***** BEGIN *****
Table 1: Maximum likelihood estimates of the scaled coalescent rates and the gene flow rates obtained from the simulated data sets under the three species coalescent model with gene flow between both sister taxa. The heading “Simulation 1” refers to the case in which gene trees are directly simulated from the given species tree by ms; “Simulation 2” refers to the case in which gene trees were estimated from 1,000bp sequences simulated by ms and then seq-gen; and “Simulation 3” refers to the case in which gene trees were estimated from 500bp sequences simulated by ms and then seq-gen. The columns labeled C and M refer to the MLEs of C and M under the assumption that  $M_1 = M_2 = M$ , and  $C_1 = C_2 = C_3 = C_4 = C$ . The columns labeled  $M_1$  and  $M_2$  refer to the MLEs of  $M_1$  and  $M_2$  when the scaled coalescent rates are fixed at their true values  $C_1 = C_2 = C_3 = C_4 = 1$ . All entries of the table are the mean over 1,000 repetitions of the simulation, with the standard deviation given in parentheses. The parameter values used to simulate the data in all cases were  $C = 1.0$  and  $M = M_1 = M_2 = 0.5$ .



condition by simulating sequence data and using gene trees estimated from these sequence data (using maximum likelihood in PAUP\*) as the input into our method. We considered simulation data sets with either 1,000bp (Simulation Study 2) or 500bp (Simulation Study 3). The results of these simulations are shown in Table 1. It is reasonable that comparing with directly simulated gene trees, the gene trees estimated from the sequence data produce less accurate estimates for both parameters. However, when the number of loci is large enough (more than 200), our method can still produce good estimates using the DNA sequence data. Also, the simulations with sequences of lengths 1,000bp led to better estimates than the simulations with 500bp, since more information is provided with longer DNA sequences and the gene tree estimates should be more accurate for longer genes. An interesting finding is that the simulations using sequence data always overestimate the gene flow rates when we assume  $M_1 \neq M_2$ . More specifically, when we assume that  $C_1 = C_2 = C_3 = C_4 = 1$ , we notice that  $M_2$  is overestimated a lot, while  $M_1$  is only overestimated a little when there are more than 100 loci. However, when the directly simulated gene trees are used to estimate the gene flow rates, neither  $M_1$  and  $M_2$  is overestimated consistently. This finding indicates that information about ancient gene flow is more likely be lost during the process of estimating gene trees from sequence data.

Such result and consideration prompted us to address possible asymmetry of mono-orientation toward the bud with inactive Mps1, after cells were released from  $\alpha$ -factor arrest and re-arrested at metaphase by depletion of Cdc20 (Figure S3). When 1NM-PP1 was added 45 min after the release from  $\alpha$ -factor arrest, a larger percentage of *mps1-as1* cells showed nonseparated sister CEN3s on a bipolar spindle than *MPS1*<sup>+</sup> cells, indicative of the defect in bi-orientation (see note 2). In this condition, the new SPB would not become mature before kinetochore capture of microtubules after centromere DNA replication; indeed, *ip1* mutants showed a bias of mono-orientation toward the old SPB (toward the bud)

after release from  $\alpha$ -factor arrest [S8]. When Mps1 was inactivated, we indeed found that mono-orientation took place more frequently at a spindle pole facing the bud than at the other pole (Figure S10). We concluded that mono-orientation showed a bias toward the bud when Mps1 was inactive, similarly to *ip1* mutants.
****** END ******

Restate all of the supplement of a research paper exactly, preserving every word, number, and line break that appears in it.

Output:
Table 1: Maximum likelihood estimates of the scaled coalescent rates and the gene flow rates obtained from the simulated data sets under the three species coalescent model with gene flow between both sister taxa. The heading “Simulation 1” refers to the case in which gene trees are directly simulated from the given species tree by ms; “Simulation 2” refers to the case in which gene trees were estimated from 1,000bp sequences simulated by ms and then seq-gen; and “Simulation 3” refers to the case in which gene trees were estimated from 500bp sequences simulated by ms and then seq-gen. The columns labeled C and M refer to the MLEs of C and M under the assumption that  $M_1 = M_2 = M$ , and  $C_1 = C_2 = C_3 = C_4 = C$ . The columns labeled  $M_1$  and  $M_2$  refer to the MLEs of  $M_1$  and  $M_2$  when the scaled coalescent rates are fixed at their true values  $C_1 = C_2 = C_3 = C_4 = 1$ . All entries of the table are the mean over 1,000 repetitions of the simulation, with the standard deviation given in parentheses. The parameter values used to simulate the data in all cases were  $C = 1.0$  and  $M = M_1 = M_2 = 0.5$ .



condition by simulating sequence data and using gene trees estimated from these sequence data (using maximum likelihood in PAUP\*) as the input into our method. We considered simulation data sets with either 1,000bp (Simulation Study 2) or 500bp (Simulation Study 3). The results of these simulations are shown in Table 1. It is reasonable that comparing with directly simulated gene trees, the gene trees estimated from the sequence data produce less accurate estimates for both parameters. However, when the number of loci is large enough (more than 200), our method can still produce good estimates using the DNA sequence data. Also, the simulations with sequences of lengths 1,000bp led to better estimates than the simulations with 500bp, since more information is provided with longer DNA sequences and the gene tree estimates should be more accurate for longer genes. An interesting finding is that the simulations using sequence data always overestimate the gene flow rates when we assume  $M_1 \neq M_2$ . More specifically, when we assume that  $C_1 = C_2 = C_3 = C_4 = 1$ , we notice that  $M_2$  is overestimated a lot, while  $M_1$  is only overestimated a little when there are more than 100 loci. However, when the directly simulated gene trees are used to estimate the gene flow rates, neither  $M_1$  and  $M_2$  is overestimated consistently. This finding indicates that information about ancient gene flow is more likely be lost during the process of estimating gene trees from sequence data.

Such result and consideration prompted us to address possible asymmetry of mono-orientation toward the bud with inactive Mps1, after cells were released from  $\alpha$ -factor arrest and re-arrested at metaphase by depletion of Cdc20 (Figure S3). When 1NM-PP1 was added 45 min after the release from  $\alpha$ -factor arrest, a larger percentage of *mps1-as1* cells showed nonseparated sister CEN3s on a bipolar spindle than *MPS1*<sup>+</sup> cells, indicative of the defect in bi-orientation (see note 2). In this condition, the new SPB would not become mature before kinetochore capture of microtubules after centromere DNA replication; indeed, *ip1* mutants showed a bias of mono-orientation toward the old SPB (toward the bud)

after release from  $\alpha$ -factor arrest [S8]. When Mps1 was inactivated, we indeed found that mono-orientation took place more frequently at a spindle pole facing the bud than at the other pole (Figure S10). We concluded that mono-orientation showed a bias toward the bud when Mps1 was inactive, similarly to *ip1* mutants.